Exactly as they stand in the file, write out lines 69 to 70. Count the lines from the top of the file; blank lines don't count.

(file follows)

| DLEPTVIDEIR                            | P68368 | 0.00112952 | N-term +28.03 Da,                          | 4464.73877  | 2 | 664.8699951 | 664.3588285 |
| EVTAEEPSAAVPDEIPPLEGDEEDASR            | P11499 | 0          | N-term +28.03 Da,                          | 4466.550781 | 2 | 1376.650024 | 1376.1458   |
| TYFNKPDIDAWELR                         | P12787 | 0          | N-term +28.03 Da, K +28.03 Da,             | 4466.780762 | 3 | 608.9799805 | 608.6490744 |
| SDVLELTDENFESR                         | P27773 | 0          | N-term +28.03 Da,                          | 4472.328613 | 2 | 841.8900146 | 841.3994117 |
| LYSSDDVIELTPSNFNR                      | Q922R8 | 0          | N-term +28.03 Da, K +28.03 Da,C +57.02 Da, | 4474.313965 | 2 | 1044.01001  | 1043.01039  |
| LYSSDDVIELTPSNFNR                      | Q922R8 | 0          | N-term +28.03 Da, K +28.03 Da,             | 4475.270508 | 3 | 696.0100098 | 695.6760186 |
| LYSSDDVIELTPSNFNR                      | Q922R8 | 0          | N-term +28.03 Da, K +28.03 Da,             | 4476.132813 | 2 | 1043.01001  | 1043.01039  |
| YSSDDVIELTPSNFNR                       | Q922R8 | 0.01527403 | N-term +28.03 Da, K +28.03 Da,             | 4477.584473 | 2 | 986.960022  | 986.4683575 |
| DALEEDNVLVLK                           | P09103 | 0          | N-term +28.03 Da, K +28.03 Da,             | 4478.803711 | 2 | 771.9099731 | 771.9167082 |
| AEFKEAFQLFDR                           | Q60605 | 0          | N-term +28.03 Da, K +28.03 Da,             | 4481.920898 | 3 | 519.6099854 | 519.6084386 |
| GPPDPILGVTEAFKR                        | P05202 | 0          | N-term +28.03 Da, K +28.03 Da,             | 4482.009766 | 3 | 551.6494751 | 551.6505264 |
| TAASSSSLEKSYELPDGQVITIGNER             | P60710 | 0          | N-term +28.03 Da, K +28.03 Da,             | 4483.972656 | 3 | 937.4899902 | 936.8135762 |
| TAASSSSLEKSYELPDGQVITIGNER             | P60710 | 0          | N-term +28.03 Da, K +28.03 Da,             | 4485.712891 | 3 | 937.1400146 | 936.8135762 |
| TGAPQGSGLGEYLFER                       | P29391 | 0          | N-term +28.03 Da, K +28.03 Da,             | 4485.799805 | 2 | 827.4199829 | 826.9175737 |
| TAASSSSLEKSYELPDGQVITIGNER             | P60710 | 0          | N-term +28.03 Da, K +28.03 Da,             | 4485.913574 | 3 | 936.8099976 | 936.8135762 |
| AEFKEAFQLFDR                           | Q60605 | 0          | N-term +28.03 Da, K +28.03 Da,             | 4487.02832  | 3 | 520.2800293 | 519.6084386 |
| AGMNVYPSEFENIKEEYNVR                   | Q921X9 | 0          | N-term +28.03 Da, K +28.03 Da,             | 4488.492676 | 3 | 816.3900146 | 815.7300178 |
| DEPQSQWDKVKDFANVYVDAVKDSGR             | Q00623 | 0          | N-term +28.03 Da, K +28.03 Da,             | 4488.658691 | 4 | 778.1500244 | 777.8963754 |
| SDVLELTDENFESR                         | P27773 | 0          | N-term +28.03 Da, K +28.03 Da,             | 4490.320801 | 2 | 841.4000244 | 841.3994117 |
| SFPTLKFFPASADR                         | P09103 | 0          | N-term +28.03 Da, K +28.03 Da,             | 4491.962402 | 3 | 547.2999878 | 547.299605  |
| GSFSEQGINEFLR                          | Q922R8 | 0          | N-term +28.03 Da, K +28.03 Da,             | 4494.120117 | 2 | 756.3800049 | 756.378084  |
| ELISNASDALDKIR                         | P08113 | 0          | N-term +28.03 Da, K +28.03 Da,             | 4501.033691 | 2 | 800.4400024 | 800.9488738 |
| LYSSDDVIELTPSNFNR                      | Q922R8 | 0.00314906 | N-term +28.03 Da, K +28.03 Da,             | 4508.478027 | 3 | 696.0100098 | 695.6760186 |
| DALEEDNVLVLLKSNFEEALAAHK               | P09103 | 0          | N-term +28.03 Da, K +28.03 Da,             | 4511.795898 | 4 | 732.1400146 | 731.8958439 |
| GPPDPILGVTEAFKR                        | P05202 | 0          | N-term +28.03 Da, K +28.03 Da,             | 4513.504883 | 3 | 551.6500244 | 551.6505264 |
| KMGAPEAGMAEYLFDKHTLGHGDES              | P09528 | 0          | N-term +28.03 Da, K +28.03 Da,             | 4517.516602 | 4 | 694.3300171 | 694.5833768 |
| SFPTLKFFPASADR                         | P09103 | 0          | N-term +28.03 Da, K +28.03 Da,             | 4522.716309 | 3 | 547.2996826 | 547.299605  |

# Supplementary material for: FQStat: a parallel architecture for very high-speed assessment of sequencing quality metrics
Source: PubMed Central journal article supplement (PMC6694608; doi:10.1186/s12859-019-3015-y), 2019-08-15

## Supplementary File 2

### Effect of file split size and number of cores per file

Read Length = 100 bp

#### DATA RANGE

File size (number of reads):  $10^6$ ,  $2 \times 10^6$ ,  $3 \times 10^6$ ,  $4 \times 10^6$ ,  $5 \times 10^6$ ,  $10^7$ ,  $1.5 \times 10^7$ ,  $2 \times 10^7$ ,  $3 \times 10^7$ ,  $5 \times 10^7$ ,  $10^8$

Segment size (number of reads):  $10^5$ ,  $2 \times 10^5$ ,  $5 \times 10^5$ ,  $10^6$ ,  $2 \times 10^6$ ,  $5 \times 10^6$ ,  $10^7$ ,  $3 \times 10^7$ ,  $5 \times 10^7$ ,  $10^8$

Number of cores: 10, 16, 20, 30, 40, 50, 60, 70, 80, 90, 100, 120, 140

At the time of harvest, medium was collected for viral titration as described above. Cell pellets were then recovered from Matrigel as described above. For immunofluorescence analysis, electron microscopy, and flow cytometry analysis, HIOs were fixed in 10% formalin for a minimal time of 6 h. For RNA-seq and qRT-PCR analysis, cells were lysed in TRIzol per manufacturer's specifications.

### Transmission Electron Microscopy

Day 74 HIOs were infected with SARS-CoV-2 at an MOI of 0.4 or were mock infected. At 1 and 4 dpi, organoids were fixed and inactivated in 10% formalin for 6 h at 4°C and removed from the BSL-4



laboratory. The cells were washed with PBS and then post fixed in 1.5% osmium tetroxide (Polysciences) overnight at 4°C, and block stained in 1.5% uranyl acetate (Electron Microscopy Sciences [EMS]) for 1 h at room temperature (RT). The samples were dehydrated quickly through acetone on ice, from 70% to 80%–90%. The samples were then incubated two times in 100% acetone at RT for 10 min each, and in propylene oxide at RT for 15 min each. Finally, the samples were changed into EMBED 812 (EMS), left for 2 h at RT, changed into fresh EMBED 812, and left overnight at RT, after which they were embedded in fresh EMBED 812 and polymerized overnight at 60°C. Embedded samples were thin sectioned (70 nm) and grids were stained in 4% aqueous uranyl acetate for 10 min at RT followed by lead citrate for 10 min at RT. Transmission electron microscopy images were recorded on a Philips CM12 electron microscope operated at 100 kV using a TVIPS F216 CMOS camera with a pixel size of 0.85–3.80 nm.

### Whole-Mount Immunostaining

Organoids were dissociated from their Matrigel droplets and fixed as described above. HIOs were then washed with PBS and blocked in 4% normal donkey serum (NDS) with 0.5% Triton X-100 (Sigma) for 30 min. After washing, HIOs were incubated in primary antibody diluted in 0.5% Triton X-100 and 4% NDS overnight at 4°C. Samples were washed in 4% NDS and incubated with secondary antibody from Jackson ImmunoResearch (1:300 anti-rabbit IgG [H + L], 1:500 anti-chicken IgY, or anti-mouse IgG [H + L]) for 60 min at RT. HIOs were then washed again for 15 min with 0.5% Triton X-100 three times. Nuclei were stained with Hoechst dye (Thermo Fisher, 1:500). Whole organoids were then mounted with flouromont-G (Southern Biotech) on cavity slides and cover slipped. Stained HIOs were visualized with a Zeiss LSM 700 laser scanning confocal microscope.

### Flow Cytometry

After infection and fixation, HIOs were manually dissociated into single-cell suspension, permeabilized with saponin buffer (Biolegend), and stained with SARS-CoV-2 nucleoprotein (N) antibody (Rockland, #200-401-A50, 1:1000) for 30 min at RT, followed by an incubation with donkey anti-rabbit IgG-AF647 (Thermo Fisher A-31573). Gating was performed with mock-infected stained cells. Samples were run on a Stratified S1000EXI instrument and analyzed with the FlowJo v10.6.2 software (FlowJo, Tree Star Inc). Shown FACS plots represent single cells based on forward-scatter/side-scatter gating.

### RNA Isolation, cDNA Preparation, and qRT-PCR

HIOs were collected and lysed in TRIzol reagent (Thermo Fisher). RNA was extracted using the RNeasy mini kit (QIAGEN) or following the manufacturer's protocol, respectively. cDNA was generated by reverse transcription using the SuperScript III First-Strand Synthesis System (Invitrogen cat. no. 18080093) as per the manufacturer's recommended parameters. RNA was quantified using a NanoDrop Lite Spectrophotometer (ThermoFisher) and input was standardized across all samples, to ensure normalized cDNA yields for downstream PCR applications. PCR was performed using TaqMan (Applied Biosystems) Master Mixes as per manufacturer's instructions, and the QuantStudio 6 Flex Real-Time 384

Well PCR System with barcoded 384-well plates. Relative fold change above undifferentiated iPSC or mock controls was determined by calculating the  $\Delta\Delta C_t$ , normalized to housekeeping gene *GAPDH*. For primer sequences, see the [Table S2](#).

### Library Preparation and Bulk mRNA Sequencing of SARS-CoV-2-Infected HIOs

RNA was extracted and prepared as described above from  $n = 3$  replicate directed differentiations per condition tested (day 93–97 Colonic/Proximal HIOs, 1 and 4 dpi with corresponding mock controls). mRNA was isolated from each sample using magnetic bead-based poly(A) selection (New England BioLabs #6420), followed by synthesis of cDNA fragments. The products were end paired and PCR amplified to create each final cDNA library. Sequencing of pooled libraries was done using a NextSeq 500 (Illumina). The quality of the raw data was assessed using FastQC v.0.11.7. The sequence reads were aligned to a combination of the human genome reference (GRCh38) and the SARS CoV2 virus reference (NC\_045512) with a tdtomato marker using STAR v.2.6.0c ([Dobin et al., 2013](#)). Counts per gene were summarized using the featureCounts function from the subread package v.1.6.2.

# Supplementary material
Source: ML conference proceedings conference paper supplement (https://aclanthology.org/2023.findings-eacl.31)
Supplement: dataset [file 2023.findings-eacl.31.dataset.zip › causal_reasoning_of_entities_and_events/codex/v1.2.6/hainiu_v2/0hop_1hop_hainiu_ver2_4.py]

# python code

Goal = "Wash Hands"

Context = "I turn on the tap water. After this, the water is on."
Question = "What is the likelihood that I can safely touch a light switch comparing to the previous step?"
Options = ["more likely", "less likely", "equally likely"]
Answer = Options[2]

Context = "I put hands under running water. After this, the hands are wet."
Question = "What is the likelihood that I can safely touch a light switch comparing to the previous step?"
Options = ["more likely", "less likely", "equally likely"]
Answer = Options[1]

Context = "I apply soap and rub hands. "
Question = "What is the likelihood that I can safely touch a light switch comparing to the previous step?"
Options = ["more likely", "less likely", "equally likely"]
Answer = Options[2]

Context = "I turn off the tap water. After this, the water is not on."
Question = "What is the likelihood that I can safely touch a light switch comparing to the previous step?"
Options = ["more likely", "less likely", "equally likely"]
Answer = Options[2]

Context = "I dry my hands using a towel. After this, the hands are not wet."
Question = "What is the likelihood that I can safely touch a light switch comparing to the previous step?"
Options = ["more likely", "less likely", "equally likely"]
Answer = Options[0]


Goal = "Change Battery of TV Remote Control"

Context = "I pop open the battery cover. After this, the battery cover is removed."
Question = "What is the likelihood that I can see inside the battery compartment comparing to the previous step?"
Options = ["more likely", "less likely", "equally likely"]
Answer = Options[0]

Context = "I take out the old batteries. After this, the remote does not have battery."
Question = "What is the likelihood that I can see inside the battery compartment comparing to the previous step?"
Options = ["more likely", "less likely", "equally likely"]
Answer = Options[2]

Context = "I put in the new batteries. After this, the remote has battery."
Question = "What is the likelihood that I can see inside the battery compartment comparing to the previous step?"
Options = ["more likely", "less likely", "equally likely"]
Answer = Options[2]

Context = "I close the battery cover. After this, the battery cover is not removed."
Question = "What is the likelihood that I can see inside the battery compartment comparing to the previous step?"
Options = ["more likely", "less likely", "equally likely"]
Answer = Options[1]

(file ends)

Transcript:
Options = ["more likely", "less likely", "equally likely"]
Answer = Options[2]